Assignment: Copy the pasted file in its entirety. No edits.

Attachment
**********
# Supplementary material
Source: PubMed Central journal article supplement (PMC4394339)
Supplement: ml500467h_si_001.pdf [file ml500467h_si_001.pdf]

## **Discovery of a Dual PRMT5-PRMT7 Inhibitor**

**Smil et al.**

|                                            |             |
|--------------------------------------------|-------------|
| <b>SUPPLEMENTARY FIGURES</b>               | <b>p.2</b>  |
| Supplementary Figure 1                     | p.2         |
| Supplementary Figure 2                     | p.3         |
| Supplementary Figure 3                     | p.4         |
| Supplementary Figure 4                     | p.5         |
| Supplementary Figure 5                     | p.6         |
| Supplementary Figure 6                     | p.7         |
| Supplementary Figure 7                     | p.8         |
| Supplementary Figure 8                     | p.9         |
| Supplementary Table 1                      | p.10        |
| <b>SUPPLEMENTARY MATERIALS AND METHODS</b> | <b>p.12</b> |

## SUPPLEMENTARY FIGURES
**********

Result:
# Supplementary material
Source: PubMed Central journal article supplement (PMC4394339)
Supplement: ml500467h_si_001.pdf [file ml500467h_si_001.pdf]

## **Discovery of a Dual PRMT5-PRMT7 Inhibitor**

**Smil et al.**

|                                            |             |
|--------------------------------------------|-------------|
| <b>SUPPLEMENTARY FIGURES</b>               | <b>p.2</b>  |
| Supplementary Figure 1                     | p.2         |
| Supplementary Figure 2                     | p.3         |
| Supplementary Figure 3                     | p.4         |
| Supplementary Figure 4                     | p.5         |
| Supplementary Figure 5                     | p.6         |
| Supplementary Figure 6                     | p.7         |
| Supplementary Figure 7                     | p.8         |
| Supplementary Figure 8                     | p.9         |
| Supplementary Table 1                      | p.10        |
| <b>SUPPLEMENTARY MATERIALS AND METHODS</b> | <b>p.12</b> |

## SUPPLEMENTARY FIGURES